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Monday, 4 June 1984
Page: 2417


Senator GIETZELT (Minister for Veterans' Affairs)(3.46) —I move:

That the Bill be now read a second time.

I seek leave to have the second reading speech incorporated in Hansard.

Leave granted.

The speech read as follows-

Following the handing down of the Conciliation and Arbitration Commission's decision in the April 1984 National Wage Case, the Remuneration Tribunal has issued reports and determinations in respect of offices within its jurisdiction.

On 5 April the Tribunal recommended, and determined, for offices within its jurisdiction, salary increases of 4.1 per cent and increases in expenses of office allowances, electorate allowances and other allowances apart from travelling allowances of around 15 per cent. The Government takes the view that national wage case decisions should be applied consistently, and supports the Tribunal's decision to increase salaries by the recent 4.1 per cent national wage increase.

The increase of approximately 15 per cent in allowances, however, is not supported by the Government. It considers that it would be appropriate to limit the increase to that which would flow from the two national wage case decisions which have been handed down since the end of the salaries and wages pause-that is, about 8.6 per cent. Details of the Tribunal's findings are contained in its reports and determinations of April 1984 which have been presented to the parliament.

The purpose of this Bill is to vary the rates of expenses of office allowance and electorate allowance determined by the Tribunal; to implement the Tribunal's recommendations with respect to the salaries of the judiciary and the offices of President and Member of the Inter-state Commission, while providing an 8.6 per cent increase in expenses of office allowance; and to increase the maximum annual sum payable for the salaries of Ministers of State.

Part III prescribes rates of expenses of office allowance, electorate allowance and other allowances apart from travelling allowance in accordance with the Government's decision to modify the tribunal's determinations. The cost of the 8 .6 per cent increase in allowances will be of the order of $84,000 in 1983-84 and $340,000 in a full year.

The constitution provides that the remuneration of members of the judiciary and the president and members of the inter-state commission shall be such as the parliament may fix. Part II of the Bill amends the schedule to the remuneration and allowances act to implement the increased rates of salary contained in the tribunal's reports numbers 2 and 3, and to increase expenses of office allowances by 8.6 per cent.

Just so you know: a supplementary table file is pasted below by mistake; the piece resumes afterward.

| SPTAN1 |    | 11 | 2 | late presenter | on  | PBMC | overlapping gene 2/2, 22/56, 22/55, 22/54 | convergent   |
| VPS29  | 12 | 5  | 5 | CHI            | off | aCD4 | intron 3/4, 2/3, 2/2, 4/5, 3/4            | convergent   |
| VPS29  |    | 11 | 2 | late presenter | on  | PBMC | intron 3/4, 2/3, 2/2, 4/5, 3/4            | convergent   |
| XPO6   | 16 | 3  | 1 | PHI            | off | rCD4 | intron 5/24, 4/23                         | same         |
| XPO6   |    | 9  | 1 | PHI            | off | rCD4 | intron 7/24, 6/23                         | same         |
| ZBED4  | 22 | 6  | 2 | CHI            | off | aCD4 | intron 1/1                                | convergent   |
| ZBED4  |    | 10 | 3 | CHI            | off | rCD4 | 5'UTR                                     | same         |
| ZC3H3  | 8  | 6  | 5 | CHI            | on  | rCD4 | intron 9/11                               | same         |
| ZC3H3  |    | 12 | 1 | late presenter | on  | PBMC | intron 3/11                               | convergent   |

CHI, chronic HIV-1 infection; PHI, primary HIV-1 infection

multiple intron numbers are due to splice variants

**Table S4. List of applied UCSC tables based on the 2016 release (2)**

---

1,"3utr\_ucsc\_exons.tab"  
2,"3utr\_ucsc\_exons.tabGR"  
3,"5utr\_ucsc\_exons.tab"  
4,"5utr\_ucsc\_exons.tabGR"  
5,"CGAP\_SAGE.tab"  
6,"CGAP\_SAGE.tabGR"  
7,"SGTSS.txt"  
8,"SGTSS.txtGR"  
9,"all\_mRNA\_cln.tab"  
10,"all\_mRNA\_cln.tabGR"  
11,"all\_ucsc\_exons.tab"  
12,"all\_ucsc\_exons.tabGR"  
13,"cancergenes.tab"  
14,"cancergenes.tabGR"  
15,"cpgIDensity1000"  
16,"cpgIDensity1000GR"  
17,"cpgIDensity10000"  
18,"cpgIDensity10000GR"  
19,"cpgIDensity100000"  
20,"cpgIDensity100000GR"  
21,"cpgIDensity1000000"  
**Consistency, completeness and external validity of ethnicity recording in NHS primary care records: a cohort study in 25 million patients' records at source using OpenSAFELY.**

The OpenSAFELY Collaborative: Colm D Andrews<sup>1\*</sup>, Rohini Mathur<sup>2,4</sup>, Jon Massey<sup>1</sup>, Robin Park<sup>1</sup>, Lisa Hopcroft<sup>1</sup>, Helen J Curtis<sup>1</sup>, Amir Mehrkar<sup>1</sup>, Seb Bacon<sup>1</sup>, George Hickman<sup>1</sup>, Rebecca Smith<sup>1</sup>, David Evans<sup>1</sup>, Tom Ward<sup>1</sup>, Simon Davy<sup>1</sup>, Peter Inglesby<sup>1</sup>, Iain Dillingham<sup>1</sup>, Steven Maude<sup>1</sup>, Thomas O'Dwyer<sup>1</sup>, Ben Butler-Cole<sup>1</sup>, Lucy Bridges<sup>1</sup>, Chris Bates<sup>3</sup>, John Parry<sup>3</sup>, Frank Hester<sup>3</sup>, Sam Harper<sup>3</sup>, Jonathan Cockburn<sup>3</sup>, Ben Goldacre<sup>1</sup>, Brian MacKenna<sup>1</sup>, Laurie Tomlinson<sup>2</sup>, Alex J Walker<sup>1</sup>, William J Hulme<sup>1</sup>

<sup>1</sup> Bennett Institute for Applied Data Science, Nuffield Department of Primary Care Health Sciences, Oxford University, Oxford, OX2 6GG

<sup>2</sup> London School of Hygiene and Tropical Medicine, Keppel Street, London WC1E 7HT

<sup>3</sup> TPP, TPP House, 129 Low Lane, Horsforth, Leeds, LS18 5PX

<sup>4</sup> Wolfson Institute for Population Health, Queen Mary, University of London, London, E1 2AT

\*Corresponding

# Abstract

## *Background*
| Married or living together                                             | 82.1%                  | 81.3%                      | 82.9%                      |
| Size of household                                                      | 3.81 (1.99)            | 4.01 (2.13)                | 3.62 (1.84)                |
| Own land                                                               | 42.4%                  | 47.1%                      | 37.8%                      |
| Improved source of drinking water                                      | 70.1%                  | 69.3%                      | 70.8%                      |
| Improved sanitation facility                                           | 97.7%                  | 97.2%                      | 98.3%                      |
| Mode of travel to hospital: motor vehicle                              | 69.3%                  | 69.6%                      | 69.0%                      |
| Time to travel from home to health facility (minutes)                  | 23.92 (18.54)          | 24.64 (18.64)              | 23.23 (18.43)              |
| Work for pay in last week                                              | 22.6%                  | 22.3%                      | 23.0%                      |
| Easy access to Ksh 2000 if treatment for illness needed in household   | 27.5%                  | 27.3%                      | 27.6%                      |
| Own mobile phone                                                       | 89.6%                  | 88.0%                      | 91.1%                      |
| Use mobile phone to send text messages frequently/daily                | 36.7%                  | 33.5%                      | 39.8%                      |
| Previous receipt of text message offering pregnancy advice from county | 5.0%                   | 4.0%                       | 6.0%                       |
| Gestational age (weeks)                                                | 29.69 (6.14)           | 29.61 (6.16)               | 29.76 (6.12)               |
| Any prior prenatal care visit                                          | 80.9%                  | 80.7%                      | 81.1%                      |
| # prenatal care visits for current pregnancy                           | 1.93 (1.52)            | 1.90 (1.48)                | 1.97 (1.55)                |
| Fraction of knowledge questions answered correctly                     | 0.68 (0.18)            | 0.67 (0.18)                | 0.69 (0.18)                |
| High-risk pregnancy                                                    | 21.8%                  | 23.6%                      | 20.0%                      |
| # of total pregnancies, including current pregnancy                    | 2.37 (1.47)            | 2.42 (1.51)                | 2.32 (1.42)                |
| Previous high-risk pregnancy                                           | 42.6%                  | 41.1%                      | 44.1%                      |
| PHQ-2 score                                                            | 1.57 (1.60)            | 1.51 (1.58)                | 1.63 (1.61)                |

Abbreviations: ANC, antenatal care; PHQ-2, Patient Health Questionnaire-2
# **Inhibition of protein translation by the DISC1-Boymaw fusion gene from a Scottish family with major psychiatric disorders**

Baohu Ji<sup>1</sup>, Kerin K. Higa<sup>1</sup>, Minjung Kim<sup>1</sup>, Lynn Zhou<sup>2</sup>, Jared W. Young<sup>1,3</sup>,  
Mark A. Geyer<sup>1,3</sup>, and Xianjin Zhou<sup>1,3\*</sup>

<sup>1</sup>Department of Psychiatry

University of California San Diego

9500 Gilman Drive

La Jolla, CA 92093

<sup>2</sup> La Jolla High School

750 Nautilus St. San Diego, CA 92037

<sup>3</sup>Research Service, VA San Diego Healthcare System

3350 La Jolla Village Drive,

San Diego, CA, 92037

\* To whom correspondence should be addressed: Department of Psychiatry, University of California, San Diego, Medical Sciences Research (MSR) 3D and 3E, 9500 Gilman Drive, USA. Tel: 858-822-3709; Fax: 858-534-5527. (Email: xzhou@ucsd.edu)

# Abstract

Clause 15 of the Bill amends the Inter-state Commission Act 1975 so that the rates of remuneration for the president and members of the commission may be included in the remuneration and allowances act and amended by the parliament in the same way as those for judicial officeholders are amended. Clause 15 also passes on to the President and members an increase based on the tribunal's recommendations accepted by the Government in November 1983.

The additional cost of salary increases for these officeholders is of the order of $70,000 for 1983-84 and $270,000 in a full year. The cost of increases in expenses of office allowance is of the order of $9,000 for 1983-84 and $33,000 for a full year.

Section 66 of the constitution prescribes, subject to the parliament otherwise providing, a maximum annual sum for the payment of salaries of ministers. Part IV of the Bill amends the ministers of state act to increase the annual sum from $590,000 to $610,000, to cover the 4.1 per cent salary increase recommended by the tribunal in report number 1 of 1984.

The date of effect for these amendments is the date recommended by the tribunal , that is, the first pay period commencing on or after 6 April 1984.

The Bill also makes a number of amendments to the Remuneration Tribunals Act 1973. The most significant of these is an amendment to require the tribunal when making future reports and determinations, to have regard to the principles of wage fixation established by the Conciliation and Arbitration Commission on 23 September 1983, and to national wage case decisions handed down by the commission from time to time.

An amendment is also proposed to enable the tribunal to determine that the remuneration of public officeholders should move automatically with the remuneration of an office determined by some other Commonwealth tribunal or authority. This would allow the tribunal to determine, for example, that the remuneration of the less senior public officeholder group move automatically with its counterparts in the second and third divisions of the Australian Public Service. On two occasions in the past, these salaries have moved out of alignment.

Finally, two minor amendments are proposed. The first of these removes the tribunal's power to inquire into, and report on, the remuneration of judges of the supreme court of the Northern Territory. Executive authority in respect of the administration of the court was transferred to the Northern Territory Government in 1979. That Government has now advised that its own remuneration tribunal, established in 1981, has been asked to report to the administrator on the remuneration of judges of the Supreme Court. The second amendment is one to bring the provisions relating to membership of the tribunal into line with other statutory bodies, by providing that a member holds office for a period which does not exceed five years.

Further information on the clauses of the Bill is contained in the explanatory memorandum which is being circulated to honourable senators.

I commend the Bill to the Senate.

Debate (on motion by Senator Collard) adjourned.